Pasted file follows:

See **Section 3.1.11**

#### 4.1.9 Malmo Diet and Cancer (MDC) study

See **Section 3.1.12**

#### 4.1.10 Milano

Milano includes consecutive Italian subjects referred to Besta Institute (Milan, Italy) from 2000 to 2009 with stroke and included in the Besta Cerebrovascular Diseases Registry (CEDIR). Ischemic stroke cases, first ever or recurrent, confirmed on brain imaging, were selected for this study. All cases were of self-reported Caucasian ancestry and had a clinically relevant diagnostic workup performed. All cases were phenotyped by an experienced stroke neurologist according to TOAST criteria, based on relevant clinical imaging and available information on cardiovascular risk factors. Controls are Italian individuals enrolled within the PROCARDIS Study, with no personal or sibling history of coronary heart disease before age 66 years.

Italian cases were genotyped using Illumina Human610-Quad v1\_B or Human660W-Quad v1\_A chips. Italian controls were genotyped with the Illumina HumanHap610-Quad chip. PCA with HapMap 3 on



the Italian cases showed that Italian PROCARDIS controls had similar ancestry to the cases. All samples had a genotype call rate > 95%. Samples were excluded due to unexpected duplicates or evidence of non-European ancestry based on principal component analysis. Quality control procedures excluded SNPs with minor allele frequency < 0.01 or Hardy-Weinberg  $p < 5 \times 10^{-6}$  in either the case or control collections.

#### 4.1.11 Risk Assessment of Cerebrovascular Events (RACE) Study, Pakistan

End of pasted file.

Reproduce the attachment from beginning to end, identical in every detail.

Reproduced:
See **Section 3.1.11**

#### 4.1.9 Malmo Diet and Cancer (MDC) study

See **Section 3.1.12**

#### 4.1.10 Milano

Milano includes consecutive Italian subjects referred to Besta Institute (Milan, Italy) from 2000 to 2009 with stroke and included in the Besta Cerebrovascular Diseases Registry (CEDIR). Ischemic stroke cases, first ever or recurrent, confirmed on brain imaging, were selected for this study. All cases were of self-reported Caucasian ancestry and had a clinically relevant diagnostic workup performed. All cases were phenotyped by an experienced stroke neurologist according to TOAST criteria, based on relevant clinical imaging and available information on cardiovascular risk factors. Controls are Italian individuals enrolled within the PROCARDIS Study, with no personal or sibling history of coronary heart disease before age 66 years.

Italian cases were genotyped using Illumina Human610-Quad v1\_B or Human660W-Quad v1\_A chips. Italian controls were genotyped with the Illumina HumanHap610-Quad chip. PCA with HapMap 3 on



the Italian cases showed that Italian PROCARDIS controls had similar ancestry to the cases. All samples had a genotype call rate > 95%. Samples were excluded due to unexpected duplicates or evidence of non-European ancestry based on principal component analysis. Quality control procedures excluded SNPs with minor allele frequency < 0.01 or Hardy-Weinberg  $p < 5 \times 10^{-6}$  in either the case or control collections.

#### 4.1.11 Risk Assessment of Cerebrovascular Events (RACE) Study, Pakistan